Optimizing Fixed Annuity Tax Deferral (Aaron Brask, Advisor Perspectives) – Over the past 20 years, deferred annuities have increasingly been used for their various retirement income guarantees, particularly in the context of variable and indexed annuities. Historically, though, one of the primary selling points of annuities was their tax deferral, and when it comes to “old-fashioned” fixed annuities, tax deferral remains a significant planning opportunity. After all, for growth-oriented annuities (e.g., variable annuities), tax deferral comes at a ‘cost’ of converting what might have been long-term capital gains (at favorable tax rates) into ordinary income (as withdrawals from variable annuities are taxed), but when it comes to fixed annuities in particular – where the most common alternative would simply be another fixed income investment like a bond – the reality is that growth in the form of income yield will be taxed as ordinary income either way, which means there’s little downside to trying to shelter that growth from current and ongoing taxation. Accordingly, even if a fixed annuity merely offers the same yield as a bond, it can still generate a better long-term after-tax compounded return by avoiding the impact of tax drag along the way (where a yield of 2.5% compounded for years and taxed once at the end is still better than being taxed every year along the way and ‘only’ compounding at 2% instead). Of course, the caveat is that for retirees taking withdrawals – when annuities automatically distribute their taxable income/growth first – the benefits of tax deferral are more limited, though Brask notes that the exclusion ratio treatment of annuitizing (even if only for a fixed time period and not taking the risk of ‘lifetime’ payments) still implicitly provides some tax deferral by levelizing the taxable income distributions given how the exclusion ratio for taxable immediate annuity payments is calculated. The end result is that Brask finds combinations of fixed and deferred income annuities, thanks to the tax deferral benefits, can reduce aggregate taxes by as much as 12% relative to standard fixed income investments (for an investor facing a 25% marginal tax rate).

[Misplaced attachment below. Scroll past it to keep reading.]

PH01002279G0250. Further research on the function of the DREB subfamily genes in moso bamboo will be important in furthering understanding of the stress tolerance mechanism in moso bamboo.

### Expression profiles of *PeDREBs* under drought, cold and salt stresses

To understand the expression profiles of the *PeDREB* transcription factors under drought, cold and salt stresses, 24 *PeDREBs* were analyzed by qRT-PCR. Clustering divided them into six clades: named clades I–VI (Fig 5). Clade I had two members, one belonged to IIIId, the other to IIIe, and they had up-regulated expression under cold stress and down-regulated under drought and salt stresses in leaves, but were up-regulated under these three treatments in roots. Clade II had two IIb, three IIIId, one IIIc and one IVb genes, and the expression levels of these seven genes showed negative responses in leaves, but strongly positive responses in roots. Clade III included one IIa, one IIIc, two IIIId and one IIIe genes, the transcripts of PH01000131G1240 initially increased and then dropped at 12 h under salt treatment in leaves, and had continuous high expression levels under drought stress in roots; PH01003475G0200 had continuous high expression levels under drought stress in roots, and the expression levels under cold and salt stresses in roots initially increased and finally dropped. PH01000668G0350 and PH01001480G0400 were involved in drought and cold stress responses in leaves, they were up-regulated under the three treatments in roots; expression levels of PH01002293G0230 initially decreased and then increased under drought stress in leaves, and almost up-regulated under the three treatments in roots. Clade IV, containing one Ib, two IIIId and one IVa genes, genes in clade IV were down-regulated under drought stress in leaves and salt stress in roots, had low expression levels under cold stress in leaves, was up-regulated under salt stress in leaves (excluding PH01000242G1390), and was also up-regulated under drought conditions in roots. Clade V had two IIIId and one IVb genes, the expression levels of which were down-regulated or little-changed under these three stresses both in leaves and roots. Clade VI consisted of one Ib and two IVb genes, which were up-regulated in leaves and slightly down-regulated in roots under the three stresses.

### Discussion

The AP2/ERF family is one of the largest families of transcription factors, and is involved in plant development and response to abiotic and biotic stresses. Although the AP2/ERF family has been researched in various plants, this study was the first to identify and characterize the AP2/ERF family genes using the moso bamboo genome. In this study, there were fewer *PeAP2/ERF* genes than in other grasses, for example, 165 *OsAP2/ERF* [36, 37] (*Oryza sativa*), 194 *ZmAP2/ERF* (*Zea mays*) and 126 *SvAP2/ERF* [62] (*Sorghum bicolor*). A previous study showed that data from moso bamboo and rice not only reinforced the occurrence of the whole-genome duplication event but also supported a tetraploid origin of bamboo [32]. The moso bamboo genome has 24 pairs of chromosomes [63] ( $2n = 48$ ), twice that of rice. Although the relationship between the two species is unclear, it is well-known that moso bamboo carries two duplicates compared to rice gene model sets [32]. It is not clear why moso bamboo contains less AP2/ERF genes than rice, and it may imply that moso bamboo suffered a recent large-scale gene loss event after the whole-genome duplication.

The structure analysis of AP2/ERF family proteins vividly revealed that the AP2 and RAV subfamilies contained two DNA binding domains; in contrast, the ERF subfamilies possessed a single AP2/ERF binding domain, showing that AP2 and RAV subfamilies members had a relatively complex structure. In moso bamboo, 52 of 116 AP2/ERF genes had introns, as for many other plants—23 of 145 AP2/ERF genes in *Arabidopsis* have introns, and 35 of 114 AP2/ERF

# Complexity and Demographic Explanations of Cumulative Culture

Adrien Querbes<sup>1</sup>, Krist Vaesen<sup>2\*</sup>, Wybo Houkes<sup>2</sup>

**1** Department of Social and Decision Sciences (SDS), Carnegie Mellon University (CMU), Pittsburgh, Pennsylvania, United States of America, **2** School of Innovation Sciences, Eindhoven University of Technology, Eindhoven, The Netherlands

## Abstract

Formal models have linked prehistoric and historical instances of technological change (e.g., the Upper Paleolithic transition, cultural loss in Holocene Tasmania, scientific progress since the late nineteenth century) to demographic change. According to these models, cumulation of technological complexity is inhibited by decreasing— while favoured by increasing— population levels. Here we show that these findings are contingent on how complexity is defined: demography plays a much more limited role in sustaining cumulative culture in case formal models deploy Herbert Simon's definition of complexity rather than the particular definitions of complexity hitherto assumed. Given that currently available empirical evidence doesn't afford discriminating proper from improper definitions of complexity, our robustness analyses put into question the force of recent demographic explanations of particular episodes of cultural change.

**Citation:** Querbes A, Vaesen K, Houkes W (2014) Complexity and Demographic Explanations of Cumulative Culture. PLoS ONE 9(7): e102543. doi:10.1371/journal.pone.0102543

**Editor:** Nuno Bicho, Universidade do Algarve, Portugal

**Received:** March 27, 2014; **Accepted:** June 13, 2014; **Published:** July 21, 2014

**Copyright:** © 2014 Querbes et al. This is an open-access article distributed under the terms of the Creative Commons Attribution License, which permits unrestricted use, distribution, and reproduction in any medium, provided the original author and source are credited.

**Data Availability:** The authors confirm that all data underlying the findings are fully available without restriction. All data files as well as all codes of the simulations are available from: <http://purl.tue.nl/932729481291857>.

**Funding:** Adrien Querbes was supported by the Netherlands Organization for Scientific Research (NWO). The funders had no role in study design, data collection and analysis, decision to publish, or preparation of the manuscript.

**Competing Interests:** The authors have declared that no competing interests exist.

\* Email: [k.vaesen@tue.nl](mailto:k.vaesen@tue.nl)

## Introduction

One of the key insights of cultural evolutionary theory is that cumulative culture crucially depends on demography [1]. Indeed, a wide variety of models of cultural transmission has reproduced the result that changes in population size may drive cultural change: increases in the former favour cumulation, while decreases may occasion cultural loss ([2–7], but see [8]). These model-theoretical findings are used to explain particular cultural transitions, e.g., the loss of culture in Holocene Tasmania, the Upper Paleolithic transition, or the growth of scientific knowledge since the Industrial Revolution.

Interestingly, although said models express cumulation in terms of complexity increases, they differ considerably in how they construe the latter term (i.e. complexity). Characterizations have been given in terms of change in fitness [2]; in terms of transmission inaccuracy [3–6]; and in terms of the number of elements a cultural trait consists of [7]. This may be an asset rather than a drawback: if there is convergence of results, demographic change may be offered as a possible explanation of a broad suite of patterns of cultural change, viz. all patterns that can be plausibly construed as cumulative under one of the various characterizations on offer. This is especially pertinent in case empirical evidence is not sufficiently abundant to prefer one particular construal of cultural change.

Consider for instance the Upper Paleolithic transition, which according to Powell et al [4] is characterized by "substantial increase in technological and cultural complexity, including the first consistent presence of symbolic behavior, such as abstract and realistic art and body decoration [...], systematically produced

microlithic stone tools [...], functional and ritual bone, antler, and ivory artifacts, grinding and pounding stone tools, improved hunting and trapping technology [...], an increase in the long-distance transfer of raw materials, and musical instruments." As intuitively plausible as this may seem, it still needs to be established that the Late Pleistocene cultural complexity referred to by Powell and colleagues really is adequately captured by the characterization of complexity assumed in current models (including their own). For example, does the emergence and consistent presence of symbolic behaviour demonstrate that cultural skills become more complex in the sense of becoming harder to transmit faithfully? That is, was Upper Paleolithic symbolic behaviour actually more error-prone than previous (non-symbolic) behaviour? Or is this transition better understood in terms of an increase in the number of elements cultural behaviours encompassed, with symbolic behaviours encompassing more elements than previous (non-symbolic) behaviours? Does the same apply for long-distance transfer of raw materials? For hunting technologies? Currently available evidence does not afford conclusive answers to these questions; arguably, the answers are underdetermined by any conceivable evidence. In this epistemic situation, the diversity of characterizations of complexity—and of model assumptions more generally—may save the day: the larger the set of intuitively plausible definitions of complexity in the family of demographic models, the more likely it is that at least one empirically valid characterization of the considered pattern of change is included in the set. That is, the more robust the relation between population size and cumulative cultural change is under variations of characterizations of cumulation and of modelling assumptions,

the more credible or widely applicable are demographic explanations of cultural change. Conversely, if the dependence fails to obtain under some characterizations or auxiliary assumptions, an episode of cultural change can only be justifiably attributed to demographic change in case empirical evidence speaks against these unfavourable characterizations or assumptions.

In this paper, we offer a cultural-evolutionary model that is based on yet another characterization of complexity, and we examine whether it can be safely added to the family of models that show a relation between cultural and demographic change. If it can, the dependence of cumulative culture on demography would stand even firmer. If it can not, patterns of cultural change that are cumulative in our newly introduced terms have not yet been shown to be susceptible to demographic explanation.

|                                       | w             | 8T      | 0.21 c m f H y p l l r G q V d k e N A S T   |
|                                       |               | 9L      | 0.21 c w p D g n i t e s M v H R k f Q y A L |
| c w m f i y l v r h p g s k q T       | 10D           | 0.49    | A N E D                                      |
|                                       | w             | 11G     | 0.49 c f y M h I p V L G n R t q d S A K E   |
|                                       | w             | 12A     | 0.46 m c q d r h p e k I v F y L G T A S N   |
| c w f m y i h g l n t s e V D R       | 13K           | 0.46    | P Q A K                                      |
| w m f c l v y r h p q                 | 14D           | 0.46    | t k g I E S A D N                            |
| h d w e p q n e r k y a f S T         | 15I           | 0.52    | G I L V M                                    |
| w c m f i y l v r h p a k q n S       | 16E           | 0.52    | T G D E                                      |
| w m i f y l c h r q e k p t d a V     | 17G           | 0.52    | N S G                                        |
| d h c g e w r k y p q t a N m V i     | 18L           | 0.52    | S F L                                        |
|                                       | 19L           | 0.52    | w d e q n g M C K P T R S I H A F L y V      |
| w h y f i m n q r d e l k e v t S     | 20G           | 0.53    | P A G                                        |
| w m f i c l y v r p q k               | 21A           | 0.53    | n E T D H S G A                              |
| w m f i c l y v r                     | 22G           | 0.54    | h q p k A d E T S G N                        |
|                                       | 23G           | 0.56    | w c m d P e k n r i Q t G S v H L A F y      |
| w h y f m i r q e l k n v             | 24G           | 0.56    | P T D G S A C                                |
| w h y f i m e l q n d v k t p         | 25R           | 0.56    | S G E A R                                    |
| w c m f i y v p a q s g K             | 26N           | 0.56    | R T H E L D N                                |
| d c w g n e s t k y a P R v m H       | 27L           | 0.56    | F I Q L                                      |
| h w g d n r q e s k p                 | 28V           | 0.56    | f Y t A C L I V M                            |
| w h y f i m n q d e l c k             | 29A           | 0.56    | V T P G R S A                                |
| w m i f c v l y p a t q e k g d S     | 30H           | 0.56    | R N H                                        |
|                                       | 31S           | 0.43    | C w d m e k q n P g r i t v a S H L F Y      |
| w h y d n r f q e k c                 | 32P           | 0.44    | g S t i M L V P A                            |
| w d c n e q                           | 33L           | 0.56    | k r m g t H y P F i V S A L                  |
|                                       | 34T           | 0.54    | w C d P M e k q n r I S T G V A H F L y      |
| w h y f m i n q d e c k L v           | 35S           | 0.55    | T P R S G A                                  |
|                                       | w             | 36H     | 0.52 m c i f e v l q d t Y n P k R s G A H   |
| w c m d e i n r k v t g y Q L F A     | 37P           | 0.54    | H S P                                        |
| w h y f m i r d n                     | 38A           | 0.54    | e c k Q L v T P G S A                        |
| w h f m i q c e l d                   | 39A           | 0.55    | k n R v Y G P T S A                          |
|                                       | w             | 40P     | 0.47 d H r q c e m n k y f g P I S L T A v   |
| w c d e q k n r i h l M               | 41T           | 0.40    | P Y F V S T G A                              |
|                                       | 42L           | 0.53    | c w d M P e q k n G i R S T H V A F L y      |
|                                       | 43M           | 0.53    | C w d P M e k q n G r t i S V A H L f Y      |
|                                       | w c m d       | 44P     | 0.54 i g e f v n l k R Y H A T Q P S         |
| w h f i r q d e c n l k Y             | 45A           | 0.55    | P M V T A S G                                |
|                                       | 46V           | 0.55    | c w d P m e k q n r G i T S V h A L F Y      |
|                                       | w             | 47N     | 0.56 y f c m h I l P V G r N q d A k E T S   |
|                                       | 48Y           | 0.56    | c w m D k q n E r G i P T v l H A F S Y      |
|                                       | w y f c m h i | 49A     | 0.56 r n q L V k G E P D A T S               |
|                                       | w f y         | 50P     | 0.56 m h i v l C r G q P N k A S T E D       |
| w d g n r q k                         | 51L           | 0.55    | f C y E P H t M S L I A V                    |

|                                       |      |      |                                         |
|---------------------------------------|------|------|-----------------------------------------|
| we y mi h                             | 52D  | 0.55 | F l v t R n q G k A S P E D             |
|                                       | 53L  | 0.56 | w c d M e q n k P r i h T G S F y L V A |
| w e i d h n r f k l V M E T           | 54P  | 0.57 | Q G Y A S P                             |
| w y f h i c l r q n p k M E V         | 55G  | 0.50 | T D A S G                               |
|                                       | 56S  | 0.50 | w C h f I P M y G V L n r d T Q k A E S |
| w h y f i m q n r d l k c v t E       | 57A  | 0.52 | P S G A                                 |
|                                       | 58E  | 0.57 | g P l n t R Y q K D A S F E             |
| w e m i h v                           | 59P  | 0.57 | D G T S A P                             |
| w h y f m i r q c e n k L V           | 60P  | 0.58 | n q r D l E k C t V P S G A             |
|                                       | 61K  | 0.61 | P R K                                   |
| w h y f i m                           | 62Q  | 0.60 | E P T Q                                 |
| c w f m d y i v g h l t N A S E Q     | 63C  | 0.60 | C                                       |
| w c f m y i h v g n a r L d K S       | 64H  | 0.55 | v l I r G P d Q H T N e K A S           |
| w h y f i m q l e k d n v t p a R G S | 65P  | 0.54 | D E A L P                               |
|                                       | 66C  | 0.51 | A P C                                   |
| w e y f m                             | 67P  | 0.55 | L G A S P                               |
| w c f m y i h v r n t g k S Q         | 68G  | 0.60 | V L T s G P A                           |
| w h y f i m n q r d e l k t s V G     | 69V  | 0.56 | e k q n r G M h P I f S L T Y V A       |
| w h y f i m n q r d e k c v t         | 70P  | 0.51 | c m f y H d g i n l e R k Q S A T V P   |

Why Single-Pay LTC Insurance Might Be The Right Strategy Now (Tom Riekse, LTCI Partners) – One of the biggest challenges for those buying long-term care insurance over the past 20 years is that sometimes policyowners get a notice, years or even a decade or two later, that their LTC insurance policy is going through a (potentially significant) premium increase. And while the frequency of premium increases has declined in recent years (if only because the upfront cost of LTC insurance has gone up enough that there’s less risk of needing a subsequent premium increase in the future), many prospective LTC insurance buyers (and the advisors recommending such policies) are still wary about the risk of premium increases. Yet in practice, one of the most straightforward ways to ameliorate the risk of a future premium increase is simply to purchase a single premium long-term care insurance policy, which by definition is “paid up” at the very first payment and therefore cannot face an increase in ongoing future premiums (because there aren’t any future premiums to be increased!). Unfortunately, because of the struggles of many long-term care insurers to maintain premiums, few single-premium LTC insurance policies are available today, but Riekse notes that National Guardian Life still offers a traditional single premium LTC insurance policy, and several major insurers (including OneAmerica, Nationwide, Lincoln, Securian, Pacific Life, and Brighthouse) offer life-plus-LTC-insurance hybrid policies with a single premium structure. Of course, the upfront cost of LTC insurance itself is significant – often $100,000 or more all at once – but for those who may have otherwise spent $5k+ every year on traditional LTC insurance premiums for 30+ years anyway, a single premium policy can still be a “good deal” on a time value of money basis… especially given forecasts of low returns (given low yields and high market valuations), or as a means to park the no-longer-necessary cash-value life insurance policy that can be 1035 exchanged without incurring any taxes on the policy’s historical gains.